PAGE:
Coaching Corner 15 – The run-up
Now we’ve got the delivery sorted out, let’s have a look at the run-up.
The run-up is often neglected but a smooth run-up is an essential for an efficient and effective delivery.
What are we looking for, with special reference to seam bowlers?
· The run-up should be smooth and economical: don’t run further than you have to – it wastes energy. It’s not a race for the crease but the run-up has to be long enough to build up speed so that the bowler reaches full-speed three or four strides before the delivery.
· This speed then has to be held through the delivery. It is a common fault to slow down just before delivery stride.
· The run-up should be what the bowler feels comfortable with. Too short a run will introduce too much stress into the delivery stride, with possible loss of height and falling away.
· Rhythm is all-important. This will not come either with a headlong dash for the line or a “sling” off too few paces.
· The body should lean slightly forward with the head steady and neck upright (not leaning towards the off-side)
· The arms should be “pumping”, not remain virtually static by your side.
· The run-up should end in a good leap (to height of about half-way up the stumps. (See section on the bound)
Run-up: slight lean forward, arms pumping. Just before the bound: pace maintained, bowler about preparing for delivery.
How far should I run?
To decide how far to run, try this:
Go to a part of a sports hall or field away from the marked pitch. Make a mark. Starting with the same foot just behind the mark, run in your normal way until you get the “feeling” that you want to bowl, at which point bowl and complete the whole action.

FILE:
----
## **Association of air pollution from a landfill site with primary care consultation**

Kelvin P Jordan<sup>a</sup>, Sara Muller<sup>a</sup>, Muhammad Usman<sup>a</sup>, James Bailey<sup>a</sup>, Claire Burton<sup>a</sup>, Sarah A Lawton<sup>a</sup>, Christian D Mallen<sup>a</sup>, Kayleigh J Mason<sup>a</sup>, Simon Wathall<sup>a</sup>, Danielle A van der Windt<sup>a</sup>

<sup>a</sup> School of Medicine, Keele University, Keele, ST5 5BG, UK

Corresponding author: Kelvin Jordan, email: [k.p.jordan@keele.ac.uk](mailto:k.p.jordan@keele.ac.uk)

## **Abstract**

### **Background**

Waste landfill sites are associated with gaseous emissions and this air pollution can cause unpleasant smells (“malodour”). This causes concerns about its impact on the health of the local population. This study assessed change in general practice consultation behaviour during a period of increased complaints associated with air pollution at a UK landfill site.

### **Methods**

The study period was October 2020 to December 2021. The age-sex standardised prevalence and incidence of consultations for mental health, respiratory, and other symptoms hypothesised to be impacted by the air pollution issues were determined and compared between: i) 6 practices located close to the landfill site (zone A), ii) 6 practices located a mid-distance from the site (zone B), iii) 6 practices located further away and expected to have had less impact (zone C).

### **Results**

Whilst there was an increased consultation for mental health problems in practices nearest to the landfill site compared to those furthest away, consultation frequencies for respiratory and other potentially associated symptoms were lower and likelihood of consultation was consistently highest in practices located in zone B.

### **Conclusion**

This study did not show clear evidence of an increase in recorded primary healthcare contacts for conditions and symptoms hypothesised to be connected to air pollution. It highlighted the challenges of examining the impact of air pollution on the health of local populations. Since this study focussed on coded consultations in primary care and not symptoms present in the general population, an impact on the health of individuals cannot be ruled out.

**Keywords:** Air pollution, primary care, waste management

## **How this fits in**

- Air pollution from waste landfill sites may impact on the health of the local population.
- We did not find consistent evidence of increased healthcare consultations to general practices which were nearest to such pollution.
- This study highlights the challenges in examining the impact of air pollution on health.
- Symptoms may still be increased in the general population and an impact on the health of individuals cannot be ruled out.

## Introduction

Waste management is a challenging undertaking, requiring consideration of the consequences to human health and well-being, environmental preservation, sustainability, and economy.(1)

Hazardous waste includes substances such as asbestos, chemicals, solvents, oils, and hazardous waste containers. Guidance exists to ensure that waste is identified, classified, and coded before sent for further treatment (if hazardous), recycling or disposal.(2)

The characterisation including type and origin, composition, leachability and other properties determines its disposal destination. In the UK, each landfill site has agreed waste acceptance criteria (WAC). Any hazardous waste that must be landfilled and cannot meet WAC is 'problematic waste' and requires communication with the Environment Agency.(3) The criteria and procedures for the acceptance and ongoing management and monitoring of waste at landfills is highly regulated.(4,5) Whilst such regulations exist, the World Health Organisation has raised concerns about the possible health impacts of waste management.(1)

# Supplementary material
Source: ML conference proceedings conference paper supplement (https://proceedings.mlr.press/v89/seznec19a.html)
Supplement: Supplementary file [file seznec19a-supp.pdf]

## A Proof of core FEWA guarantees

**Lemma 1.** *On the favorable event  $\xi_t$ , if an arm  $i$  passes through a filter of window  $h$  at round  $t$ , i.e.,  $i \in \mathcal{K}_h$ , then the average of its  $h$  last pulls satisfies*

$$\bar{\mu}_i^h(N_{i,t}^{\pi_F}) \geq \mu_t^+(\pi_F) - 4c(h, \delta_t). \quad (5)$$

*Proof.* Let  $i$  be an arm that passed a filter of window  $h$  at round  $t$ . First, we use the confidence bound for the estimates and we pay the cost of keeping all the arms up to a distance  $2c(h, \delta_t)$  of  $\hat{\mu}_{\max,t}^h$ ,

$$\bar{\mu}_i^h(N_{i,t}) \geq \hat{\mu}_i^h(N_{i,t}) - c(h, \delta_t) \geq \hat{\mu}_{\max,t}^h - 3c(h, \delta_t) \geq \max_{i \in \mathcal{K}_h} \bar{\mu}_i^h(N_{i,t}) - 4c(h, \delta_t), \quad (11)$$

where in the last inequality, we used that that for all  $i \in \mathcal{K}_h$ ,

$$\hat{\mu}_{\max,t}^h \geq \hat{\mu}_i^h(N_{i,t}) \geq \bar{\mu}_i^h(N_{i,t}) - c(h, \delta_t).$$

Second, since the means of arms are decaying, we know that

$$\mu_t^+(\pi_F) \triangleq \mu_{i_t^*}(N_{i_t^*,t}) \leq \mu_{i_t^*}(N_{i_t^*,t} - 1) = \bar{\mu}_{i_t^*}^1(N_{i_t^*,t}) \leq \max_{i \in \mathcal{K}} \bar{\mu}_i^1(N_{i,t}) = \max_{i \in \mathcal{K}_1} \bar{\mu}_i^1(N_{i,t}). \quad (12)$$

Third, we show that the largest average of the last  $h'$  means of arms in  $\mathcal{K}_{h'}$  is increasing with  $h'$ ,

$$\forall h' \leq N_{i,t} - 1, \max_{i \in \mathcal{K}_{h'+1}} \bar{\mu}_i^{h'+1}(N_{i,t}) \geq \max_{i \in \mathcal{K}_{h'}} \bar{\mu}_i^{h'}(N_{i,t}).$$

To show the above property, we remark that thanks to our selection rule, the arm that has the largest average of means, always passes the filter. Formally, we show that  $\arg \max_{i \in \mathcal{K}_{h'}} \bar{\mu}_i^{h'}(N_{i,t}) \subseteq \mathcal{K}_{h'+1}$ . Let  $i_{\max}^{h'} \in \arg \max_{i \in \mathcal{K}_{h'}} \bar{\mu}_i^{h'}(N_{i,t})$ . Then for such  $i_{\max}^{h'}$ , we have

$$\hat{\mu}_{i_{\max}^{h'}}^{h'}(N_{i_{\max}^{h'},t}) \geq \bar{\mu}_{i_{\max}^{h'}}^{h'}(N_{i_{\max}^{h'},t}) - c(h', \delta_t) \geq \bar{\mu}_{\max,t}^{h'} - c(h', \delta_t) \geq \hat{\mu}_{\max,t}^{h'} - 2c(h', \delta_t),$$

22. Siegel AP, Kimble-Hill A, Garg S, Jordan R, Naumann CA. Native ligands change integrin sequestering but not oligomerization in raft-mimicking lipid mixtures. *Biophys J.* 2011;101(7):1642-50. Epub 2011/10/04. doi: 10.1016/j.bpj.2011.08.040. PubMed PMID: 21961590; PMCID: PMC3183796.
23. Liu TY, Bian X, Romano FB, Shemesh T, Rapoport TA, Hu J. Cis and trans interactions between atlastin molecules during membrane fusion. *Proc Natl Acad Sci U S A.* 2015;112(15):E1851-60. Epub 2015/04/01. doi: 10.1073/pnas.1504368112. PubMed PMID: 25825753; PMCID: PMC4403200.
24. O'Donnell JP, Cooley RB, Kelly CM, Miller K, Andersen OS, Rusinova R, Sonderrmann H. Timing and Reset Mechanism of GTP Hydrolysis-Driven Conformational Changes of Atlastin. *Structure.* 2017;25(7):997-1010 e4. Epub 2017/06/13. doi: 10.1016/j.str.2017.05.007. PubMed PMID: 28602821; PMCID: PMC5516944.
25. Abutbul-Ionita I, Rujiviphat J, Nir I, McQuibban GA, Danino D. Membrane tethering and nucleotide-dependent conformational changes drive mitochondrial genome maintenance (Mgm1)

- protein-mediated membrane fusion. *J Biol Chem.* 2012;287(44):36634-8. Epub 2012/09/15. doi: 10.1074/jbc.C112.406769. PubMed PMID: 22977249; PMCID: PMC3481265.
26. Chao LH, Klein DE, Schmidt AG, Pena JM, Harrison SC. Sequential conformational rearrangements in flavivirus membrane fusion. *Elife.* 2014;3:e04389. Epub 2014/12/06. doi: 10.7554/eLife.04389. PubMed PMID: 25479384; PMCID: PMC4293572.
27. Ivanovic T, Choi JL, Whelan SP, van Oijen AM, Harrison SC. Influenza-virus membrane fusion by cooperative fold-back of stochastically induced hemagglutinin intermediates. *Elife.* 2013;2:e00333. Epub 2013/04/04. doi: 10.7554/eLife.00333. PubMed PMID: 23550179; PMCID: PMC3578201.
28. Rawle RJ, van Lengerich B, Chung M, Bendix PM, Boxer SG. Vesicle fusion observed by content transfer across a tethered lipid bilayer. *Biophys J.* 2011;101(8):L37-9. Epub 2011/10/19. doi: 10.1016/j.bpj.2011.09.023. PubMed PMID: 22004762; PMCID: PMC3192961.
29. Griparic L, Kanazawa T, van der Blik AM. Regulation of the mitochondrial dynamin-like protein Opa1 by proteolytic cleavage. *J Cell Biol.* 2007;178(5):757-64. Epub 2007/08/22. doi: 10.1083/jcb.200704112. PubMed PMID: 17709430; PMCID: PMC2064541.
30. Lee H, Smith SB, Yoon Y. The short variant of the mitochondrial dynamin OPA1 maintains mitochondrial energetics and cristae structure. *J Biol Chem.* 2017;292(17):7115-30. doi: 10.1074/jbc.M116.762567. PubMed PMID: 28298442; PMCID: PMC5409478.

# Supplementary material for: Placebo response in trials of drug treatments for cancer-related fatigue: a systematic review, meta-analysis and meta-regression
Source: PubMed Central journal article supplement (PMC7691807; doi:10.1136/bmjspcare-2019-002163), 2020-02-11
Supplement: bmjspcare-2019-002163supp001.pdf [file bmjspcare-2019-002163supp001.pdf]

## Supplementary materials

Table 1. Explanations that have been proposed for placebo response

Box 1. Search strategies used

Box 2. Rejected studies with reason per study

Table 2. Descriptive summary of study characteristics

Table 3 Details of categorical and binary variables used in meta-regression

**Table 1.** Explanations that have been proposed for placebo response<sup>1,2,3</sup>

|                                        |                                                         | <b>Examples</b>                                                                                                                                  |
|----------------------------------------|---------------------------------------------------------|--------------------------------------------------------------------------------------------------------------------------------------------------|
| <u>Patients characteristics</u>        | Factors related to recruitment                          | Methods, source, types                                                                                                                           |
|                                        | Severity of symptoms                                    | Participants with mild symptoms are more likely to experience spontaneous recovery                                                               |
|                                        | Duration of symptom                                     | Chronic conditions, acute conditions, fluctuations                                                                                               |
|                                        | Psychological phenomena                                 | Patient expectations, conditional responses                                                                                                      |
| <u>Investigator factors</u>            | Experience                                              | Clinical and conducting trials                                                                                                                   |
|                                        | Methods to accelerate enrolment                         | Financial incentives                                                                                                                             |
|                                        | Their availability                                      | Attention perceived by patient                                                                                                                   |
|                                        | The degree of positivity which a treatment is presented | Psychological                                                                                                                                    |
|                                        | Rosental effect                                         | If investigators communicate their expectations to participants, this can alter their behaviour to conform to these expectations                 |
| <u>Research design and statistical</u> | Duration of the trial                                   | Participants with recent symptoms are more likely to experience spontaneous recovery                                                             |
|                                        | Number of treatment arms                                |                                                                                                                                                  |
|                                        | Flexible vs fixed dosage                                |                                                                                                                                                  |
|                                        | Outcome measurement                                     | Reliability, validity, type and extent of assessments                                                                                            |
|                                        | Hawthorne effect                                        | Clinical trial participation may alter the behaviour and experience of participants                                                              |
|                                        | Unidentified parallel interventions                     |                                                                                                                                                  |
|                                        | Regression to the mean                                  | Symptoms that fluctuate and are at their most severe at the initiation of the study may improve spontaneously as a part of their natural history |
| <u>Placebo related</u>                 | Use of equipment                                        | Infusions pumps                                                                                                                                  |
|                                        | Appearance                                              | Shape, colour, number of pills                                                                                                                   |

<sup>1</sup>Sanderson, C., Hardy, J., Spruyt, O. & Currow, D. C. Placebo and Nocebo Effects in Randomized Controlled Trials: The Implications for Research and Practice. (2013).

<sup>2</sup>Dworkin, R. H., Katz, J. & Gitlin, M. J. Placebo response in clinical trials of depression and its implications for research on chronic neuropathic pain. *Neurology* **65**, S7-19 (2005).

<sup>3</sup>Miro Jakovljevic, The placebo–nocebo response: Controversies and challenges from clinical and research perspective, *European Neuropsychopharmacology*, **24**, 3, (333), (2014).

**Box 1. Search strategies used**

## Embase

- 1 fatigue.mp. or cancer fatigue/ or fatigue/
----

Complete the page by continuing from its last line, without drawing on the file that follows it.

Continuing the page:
This may need to be done 10, 20 or 30 times until a good rhythm is discovered and you end up bowling from the same spot consistently. If you are doing this on a field, you will know this is happening by the footmarks on the turf. If you are in a sports hall, get a partner to note where your front foot is landing.
To determine how long your run-up is, make a line where the toe of your front foot has landed, then measure 4 feet back from this line and make another line.
These two lines are now the crease markings at the bowler’s end.
Now pace out the distance from the back line to your start mark using your normal walking paces (don’t stretch – your walking paces are more consistent in length). The number of paces you count should be your natural run-up length.
Remember: The crease markings and wicket do not dictate when the ball should be bowled. They coincide with the feeling of wanting to bowl! You have to adjust the run accordingly.
· Stretching for the crease, resulting in an unstable base or loss of height in the delivery.
· Not accelerating gradually, but dashing from the mark to the crease
· Slowing down before the delivery stride.